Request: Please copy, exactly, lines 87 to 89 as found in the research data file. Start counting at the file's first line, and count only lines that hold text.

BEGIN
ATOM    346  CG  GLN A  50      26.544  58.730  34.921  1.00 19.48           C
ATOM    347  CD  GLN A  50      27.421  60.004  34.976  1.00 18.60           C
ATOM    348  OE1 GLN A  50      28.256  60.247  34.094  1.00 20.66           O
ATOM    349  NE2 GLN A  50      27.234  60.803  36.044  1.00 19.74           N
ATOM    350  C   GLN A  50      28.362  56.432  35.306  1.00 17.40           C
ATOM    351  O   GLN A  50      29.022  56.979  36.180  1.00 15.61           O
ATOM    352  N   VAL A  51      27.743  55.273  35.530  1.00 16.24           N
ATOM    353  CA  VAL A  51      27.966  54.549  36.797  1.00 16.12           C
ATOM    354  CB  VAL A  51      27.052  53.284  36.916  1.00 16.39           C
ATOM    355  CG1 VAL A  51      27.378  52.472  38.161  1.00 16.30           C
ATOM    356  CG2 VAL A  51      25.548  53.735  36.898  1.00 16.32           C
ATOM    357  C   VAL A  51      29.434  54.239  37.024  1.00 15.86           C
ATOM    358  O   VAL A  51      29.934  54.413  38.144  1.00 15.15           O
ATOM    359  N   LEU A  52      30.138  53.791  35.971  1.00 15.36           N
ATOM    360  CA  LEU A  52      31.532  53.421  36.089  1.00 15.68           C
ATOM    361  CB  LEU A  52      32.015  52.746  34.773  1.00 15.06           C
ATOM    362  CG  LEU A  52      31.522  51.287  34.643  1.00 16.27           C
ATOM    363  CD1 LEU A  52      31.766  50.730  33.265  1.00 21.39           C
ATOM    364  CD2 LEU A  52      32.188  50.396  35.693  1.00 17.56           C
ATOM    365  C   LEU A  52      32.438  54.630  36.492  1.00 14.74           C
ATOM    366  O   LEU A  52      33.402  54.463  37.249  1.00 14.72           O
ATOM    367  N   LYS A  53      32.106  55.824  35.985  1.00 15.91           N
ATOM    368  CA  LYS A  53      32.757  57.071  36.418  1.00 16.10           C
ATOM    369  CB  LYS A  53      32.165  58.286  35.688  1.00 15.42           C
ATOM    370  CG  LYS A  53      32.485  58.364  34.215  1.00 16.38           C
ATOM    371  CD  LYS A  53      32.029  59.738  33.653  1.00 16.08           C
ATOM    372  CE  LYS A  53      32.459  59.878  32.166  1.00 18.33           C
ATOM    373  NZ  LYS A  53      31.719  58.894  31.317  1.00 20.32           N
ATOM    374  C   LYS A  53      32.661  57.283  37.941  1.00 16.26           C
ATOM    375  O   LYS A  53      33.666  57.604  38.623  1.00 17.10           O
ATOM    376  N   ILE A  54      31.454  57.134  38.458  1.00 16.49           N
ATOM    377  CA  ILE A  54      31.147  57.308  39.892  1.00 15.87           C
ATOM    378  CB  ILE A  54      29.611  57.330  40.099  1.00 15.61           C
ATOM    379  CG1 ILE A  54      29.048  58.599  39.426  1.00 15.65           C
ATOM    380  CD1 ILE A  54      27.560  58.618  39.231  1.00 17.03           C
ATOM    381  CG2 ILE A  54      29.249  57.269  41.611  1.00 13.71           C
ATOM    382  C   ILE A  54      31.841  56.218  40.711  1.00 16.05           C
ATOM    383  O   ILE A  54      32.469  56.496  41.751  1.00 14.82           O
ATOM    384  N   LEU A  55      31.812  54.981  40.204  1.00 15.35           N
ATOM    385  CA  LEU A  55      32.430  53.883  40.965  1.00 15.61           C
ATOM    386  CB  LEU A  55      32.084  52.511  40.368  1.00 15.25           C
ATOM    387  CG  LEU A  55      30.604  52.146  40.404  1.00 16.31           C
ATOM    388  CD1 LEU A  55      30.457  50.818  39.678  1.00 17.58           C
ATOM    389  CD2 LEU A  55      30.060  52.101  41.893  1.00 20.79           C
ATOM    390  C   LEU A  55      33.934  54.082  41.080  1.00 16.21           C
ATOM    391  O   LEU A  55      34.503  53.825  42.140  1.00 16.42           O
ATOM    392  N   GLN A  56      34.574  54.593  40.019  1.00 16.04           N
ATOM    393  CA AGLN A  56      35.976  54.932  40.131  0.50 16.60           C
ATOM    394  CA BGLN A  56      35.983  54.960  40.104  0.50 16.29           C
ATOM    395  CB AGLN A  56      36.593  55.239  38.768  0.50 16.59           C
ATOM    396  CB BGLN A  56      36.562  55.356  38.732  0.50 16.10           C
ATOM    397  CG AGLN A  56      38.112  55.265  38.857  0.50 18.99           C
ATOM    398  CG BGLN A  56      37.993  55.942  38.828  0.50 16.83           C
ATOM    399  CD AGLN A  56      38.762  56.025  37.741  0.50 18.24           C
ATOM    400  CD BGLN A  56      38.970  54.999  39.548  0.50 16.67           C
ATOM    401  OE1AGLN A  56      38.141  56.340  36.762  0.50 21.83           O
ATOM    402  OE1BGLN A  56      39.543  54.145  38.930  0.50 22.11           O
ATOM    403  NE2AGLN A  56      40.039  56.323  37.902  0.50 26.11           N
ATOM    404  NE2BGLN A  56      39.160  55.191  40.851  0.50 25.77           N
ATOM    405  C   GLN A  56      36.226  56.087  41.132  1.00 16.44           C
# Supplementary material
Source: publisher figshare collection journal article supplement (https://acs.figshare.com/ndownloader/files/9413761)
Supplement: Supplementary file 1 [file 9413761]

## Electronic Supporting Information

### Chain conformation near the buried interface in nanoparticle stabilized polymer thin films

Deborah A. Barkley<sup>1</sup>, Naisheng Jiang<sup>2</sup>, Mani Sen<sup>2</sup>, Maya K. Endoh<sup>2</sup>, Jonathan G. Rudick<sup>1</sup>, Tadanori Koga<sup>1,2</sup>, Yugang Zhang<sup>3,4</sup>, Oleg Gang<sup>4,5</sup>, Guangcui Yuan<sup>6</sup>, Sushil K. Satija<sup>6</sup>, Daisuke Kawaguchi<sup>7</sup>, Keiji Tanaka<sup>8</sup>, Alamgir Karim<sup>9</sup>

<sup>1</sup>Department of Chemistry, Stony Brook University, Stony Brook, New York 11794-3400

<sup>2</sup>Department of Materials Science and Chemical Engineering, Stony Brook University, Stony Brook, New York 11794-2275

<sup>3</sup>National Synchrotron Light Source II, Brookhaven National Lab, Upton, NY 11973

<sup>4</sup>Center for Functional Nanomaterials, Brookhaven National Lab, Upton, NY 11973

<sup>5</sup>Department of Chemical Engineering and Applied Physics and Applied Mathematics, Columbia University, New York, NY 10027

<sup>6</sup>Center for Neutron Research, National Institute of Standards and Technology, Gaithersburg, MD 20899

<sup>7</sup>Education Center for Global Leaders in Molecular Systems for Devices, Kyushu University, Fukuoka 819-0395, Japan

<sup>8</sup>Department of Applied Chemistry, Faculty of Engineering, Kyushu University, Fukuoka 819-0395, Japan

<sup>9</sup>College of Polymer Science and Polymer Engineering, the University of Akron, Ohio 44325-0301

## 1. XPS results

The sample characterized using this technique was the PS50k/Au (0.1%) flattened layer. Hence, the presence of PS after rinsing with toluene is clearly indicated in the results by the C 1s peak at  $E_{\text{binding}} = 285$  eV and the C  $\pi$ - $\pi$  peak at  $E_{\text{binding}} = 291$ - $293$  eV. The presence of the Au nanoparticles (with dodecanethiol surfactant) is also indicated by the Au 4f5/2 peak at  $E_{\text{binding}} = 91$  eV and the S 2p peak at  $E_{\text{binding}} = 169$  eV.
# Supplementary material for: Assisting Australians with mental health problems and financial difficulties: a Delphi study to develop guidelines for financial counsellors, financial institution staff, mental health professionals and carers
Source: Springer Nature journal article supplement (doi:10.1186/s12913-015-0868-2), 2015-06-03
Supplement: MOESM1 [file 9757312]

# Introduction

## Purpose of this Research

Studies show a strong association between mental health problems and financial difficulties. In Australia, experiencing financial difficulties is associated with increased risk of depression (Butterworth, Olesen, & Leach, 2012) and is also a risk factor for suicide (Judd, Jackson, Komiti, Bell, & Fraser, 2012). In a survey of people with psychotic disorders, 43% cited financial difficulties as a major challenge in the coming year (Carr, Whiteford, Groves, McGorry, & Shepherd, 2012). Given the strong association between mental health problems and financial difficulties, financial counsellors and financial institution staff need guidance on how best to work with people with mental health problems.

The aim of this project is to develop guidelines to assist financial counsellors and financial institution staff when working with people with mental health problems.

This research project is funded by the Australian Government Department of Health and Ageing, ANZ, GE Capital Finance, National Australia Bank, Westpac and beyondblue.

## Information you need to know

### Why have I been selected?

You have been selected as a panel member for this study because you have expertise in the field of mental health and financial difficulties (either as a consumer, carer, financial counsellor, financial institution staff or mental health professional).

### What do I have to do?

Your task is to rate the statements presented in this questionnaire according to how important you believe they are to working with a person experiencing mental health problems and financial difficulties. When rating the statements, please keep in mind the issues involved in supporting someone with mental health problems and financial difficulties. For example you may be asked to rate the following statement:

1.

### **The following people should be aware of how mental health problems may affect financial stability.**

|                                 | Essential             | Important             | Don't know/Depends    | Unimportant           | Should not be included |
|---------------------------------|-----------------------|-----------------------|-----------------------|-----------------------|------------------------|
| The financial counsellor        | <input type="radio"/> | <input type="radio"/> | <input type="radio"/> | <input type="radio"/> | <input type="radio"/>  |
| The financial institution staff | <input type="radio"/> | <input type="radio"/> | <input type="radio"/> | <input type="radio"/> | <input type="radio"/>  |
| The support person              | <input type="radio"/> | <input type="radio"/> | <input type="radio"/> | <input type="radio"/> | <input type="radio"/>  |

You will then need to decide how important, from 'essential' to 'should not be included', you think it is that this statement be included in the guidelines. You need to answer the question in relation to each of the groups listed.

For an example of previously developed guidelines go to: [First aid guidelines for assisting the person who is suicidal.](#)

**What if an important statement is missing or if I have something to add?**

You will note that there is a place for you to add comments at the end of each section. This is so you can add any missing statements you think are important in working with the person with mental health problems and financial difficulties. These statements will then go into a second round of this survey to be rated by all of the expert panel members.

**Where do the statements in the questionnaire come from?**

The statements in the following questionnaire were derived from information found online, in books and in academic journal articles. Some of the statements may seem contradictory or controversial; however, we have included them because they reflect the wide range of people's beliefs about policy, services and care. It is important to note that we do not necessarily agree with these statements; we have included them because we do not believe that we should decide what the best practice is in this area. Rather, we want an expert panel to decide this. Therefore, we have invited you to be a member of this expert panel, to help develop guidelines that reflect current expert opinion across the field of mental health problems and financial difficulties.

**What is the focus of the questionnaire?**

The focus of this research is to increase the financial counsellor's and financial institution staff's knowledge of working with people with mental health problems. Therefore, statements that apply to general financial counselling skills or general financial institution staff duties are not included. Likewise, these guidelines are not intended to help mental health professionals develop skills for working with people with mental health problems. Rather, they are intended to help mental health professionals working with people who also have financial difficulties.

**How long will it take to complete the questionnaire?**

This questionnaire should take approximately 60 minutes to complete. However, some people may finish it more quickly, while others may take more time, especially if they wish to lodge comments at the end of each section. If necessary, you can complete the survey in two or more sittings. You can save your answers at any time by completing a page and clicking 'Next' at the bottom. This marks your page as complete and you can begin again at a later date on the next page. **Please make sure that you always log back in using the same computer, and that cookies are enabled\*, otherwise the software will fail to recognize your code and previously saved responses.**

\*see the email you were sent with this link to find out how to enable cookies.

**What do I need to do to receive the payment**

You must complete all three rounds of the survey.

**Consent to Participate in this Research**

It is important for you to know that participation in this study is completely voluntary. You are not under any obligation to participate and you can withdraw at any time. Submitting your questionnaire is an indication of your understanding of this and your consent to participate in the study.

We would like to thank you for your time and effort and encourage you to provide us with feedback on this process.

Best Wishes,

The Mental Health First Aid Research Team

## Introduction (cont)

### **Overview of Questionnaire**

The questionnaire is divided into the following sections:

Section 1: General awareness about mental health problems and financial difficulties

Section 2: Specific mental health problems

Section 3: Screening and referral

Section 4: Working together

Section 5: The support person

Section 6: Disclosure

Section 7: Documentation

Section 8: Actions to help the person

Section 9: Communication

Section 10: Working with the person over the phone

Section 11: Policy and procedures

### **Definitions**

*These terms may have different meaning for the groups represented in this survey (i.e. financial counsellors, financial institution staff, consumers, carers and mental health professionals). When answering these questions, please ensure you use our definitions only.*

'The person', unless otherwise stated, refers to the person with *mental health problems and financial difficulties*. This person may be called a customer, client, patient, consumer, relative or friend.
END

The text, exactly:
### Why have I been selected?

You have been selected as a panel member for this study because you have expertise in the field of mental health and financial difficulties (either as a consumer, carer, financial counsellor, financial institution staff or mental health professional).

### What do I have to do?